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Title: A liberative imagination : reconsidering the fiction of Charlotte Brontë in light of feminist theology
Author: Swanson, Kj
ISNI:       0000 0004 6349 3092
Awarding Body: University of St Andrews
Current Institution: University of St Andrews
Date of Award: 2017
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This thesis seeks to show the ways in which Charlotte Brontë's fiction anticipates the concerns of contemporary feminist theology. Whilst Charlotte Brontë's novels have held a place of honor in feminist literary criticism for decades, there has been a critical tendency to associate the proto-feminism of Brontë's narratives with a rejection of Christianity—namely, that Brontë's heroines achieve their personal, social and spiritual emancipation by throwing off the shackles of a patriarchal Church Establishment. And although recent scholarly interest in Victorian Christianity has led to frequent interpretations that regard Brontë's texts as upholding a Christian worldview, in many such cases, the theology asserted in those interpretations arguably undermines the liberative impulse of the narratives. In both cases, the religious and romantic plots of Brontë's novels are viewed as incompatible. This thesis suggests that by reading Brontë's fiction in light of an interdisciplinary perspective that interweaves feminist and theological concerns, the narrative journeys of Brontë's heroines might be read as affirming both Christian faith and female empowerment. Specifically, this thesis will examine the ways in which feminist theologians have identified the need for Christian doctrines of sin and grace to be articulated in a manner that better reflects women's experiences. By exploring the interrelationship between women's writing and women's faith, particularly as it relates to the literary origins of feminist theology and Brontë's position within the nineteenth-century female publishing boom, Brontë's liberative imagination for female flourishing can be re-examined. As will be argued, when considered from the vantage point of feminist theology, 'Jane Eyre', 'Shirley', and 'Villette' portray women's need to experience grace as self-construction and interdependence rather than self-denial and subjugation.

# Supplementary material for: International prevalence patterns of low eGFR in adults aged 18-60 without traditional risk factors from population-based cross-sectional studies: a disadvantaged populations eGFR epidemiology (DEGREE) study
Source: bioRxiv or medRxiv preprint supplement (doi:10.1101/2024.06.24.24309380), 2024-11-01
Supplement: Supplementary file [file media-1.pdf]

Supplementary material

Supervisor: Hopps, Gavin Sponsor: Not available
Qualification Name: Thesis (Ph.D.) Qualification Level: Doctoral
EThOS ID:  DOI: Not available
Keywords: Charlotte Brontë ; Feminist theology ; Jane Eyre ; Villette ; Literature ; Patriarchy ; Victorian literature ; Victorian society ; Shirley ; Feminist ethics ; Spiritual formation ; Feminist criticism ; Literary criticism ; Christian theology ; Christian soteriology ; Doctrine of Grace ; Gender ; Sin ; Equality ; Female empowerment ; Female agency ; Evangelicalism ; Church of England ; Romanticism